Saurav Ghosal woke up Monday with ringing applause and lingering regret still swirling in his head. Playing the last match of his 2019 season – his 15th year after winning the British Juniors crown in 2004 which promised dizzy days ahead – Ghosal was sobering from the highs of having played a spell-binding 85-minute classic against World No. 2 Mohamed ElShorbagy which was the talk of the squash town. And then, losing the titanic battle, 11-5, 9-11, 9-11, 12-10, 10-12, on the softest of backhand volley drops played at 10-9 match-ball in the fifth – which the 33-year-old says will cause him a lot of remorse in the coming days.
ElShorbagy’s return – a backhand flick struck an agonising centimeter or two above the tin. “Had I not played that shot, or not hit it softer and struck it harder instead, he’d have hit into the tin, and maybe we would be talking about the biggest win of my career today!” Ghosal said. An upset over the Egyptian dubbed ‘the Beast’ would’ve validated Ghosal’s hardwork put in over this summer. “It would’ve been huge,” he says, piping up though at all the praise his fighting game has received over the weekend, including his opponent chiming in, “It’s the best match I’ve played against him in our 12 years. I’m really happy I was part of something special.”
Those present at the Weybridge and watching it on the live-stream were on the edge of the seat as the Indian World No 11, mixed the delectable with the dazzling, and matched his celebrated Egyptian opponent known for his unflinching fierce game, shot for shot. In the midst of the brutal rallies, Ghosal in fact impressed with a backhand improvisation where he slided the racquet face dramatically under the dipping ball for the lowest of popping nicks, and left ElShorbagy stranded, finishing with a glorious straight back in the right corner.
Now the former No 1, ElShorbagy can show-off on court. He has a short trickle boast from the back that never stops being cute and an assured crowd-pleaser: between the legs whizzer. But it was Ghosal who in between the ‘his backhand to my backhand’ never-ending slugfests, played the subtle angles that quickly made it to youtube’s gape gallery.
Ghosal had been livid about a couple of ‘No Lets’ at the end of the titanic battle where he won an “unappetizing” first game strewn with the Egyptian’s errors, braved through the next two when rallies got brutal and he was pipped 11-9, found second wind in the fourth, playing his improvisations, and then in the fifth, let fame that comes with beating the Top 5, pass him by. He didn’t say much in the immediate aftermath.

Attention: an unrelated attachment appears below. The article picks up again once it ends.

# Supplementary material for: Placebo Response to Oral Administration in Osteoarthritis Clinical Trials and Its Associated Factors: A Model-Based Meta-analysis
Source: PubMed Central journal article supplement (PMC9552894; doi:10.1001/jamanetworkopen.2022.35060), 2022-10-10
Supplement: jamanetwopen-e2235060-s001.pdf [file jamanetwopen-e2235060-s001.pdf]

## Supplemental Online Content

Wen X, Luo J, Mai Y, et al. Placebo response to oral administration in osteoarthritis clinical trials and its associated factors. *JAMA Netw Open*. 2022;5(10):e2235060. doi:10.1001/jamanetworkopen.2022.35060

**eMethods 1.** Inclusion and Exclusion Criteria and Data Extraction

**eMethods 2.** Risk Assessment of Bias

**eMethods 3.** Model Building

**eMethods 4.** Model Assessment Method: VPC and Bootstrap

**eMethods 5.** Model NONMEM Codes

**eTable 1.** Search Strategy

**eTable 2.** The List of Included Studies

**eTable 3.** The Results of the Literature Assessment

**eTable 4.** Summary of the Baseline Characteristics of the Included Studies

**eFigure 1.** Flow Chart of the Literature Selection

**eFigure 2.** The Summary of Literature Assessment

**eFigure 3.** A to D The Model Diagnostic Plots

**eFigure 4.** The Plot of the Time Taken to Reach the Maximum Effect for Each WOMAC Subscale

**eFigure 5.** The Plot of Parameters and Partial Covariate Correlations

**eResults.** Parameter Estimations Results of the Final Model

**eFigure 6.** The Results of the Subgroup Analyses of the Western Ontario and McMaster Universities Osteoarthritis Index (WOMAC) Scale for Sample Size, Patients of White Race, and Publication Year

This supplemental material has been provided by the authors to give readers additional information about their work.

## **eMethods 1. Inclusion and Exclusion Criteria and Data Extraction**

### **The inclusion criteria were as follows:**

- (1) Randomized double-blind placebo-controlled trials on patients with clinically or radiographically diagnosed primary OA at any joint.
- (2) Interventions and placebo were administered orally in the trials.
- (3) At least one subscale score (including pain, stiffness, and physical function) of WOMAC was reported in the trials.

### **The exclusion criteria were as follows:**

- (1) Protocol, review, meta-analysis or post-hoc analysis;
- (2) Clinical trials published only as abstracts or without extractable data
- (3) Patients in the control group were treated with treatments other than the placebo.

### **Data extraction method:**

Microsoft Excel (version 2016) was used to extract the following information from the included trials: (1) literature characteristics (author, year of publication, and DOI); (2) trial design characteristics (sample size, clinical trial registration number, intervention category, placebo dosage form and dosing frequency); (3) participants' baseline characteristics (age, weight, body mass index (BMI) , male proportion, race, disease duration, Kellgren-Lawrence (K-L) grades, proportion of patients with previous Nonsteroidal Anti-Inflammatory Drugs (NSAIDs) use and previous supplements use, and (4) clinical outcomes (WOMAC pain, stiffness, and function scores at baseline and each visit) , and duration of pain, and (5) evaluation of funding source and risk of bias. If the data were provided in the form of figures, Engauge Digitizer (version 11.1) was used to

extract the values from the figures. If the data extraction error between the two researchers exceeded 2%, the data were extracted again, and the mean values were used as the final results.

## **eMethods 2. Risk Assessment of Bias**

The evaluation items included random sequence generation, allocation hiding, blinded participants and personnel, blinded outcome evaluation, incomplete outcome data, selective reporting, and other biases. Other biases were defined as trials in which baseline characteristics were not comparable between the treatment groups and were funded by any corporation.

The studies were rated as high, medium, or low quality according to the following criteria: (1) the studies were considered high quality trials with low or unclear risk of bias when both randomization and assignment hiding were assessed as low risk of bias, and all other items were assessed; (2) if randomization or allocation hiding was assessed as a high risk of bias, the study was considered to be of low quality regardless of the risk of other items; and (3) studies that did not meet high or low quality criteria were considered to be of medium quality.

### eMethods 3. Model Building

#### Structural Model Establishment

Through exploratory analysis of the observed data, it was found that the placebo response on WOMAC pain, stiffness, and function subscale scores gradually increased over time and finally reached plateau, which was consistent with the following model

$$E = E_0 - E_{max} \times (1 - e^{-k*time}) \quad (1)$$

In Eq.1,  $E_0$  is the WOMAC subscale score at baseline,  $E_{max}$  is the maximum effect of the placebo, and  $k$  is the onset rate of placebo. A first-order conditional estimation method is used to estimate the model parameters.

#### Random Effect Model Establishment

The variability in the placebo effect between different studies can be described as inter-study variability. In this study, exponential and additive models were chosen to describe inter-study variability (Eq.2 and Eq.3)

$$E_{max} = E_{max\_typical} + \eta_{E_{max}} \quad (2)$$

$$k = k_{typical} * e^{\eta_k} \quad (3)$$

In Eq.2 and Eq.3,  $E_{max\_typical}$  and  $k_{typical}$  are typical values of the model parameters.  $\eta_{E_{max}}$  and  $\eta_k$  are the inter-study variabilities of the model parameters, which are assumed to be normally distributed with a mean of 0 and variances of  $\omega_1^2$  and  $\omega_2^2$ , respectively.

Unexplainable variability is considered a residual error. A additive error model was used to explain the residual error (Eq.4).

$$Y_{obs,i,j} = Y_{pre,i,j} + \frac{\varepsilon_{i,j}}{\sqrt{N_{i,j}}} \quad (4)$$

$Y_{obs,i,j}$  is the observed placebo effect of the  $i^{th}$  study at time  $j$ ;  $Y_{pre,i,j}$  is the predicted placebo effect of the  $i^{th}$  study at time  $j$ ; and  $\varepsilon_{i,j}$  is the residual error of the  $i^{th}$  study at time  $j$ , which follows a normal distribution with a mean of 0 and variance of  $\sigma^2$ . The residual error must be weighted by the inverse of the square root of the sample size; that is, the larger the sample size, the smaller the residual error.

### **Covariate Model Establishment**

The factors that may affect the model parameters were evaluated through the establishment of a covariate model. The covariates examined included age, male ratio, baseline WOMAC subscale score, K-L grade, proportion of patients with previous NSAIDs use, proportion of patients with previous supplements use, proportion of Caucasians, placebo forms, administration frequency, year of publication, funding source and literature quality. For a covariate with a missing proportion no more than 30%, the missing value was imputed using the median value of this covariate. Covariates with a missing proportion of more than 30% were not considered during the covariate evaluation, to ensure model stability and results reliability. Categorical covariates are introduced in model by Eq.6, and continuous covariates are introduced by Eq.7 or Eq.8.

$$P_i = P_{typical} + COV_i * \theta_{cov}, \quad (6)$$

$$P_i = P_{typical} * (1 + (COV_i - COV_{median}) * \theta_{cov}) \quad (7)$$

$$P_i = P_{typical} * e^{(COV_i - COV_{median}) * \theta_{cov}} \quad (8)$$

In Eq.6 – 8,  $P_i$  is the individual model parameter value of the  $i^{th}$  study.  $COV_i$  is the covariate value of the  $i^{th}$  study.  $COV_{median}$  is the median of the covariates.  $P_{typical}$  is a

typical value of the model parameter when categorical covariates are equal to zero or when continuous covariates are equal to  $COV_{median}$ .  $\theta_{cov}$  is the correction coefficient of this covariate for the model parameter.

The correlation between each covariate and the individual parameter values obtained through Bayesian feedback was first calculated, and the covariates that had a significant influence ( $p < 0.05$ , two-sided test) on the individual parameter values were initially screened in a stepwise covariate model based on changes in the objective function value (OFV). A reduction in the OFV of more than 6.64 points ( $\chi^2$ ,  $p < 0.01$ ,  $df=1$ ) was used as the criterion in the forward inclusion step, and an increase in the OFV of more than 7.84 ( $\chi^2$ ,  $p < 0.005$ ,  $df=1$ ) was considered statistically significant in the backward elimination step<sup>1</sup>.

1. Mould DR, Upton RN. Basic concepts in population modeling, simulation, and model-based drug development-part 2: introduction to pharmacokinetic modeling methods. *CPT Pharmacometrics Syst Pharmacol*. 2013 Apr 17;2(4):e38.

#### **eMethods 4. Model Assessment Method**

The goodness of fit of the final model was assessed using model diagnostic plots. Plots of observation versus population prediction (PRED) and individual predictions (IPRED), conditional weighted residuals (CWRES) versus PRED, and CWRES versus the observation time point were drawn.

“But when I saw him later, I told him, you better freaking win this tournament after beating me,” he laughs. To add to his Monday wretchedness, Ghosal mock-cribs, ElShorbagy went onto lose the final in 90 minutes, and not even hand him closure.
He did blame “earlier tough rounds” that finished him, for the loss though.
The two go back a long way – including training stints at David Palmer’s. Ghosal remembers a long time back in a Chennai PSA when he beat a young, upcoming ElShorbagy four years his junior. And then the Egyptian’s career took off and he never lost to the Indian again (it’s 0-8 last 8 times) including a 3-0 win at the World Championships in Qatar last week, where the Indian had sensed he was moving and hitting well. But still, it was the sort of calm before a storm, where Saurav Ghosal doesn’t quite remember what his nondescript breakfast was that morning.
The Beast from Alexandria is a relentless fighter (“The thought of winning never crossed my mind, because Mo is the last person you entertain such thoughts against”). Ghosal has learnt to tiptoe around him – i.e. not letting any ball sit up, for Mo to destroy, for ElShorbagy smothers, not for him the touch-play. His achievements are under-rated but Ghosal knows how unforgiving he can get on court.
“What you see is what you get. Some players ply it very dirty on court, but act like saints, not him. He’ll be honest about being selfish in training though he’ll use all the tricks on court. But if he’s playing most people, I’d be in his corner. He’s a really good guy deep down,” Ghosal says. The respect is mutually shared, and ElShorbagy tends to struggle when playing Ghosal, like he does against friends.
Ghosal would match him though on Friday – in not letting go. “Some rallies were so fierce and long in second and third, we were both dead on the glass walls,” Ghosal recalls. Like fish sticking their snouts on an aquarium, the two would return for the 4th game after trading punishing rallies, literally lifting the ball to catch breath.
Ghosal was happy he simply could raise his game level to what the Egyptian was operating at. “At one point of tiredness, you just start enjoying the pain of brutal rallies. You can’t play a match like that whining about how you’re struggling and blah blah. I thought, let me push little and then hard and see how much I can trouble him,” Ghosal said. The crowd would get behind him too. “Most were sad for me when I lost,” he said gleefully. He had modest takeaways on the Monday after: “If I could go toe to toe with ElShorbagy, I surely can push the others next season.”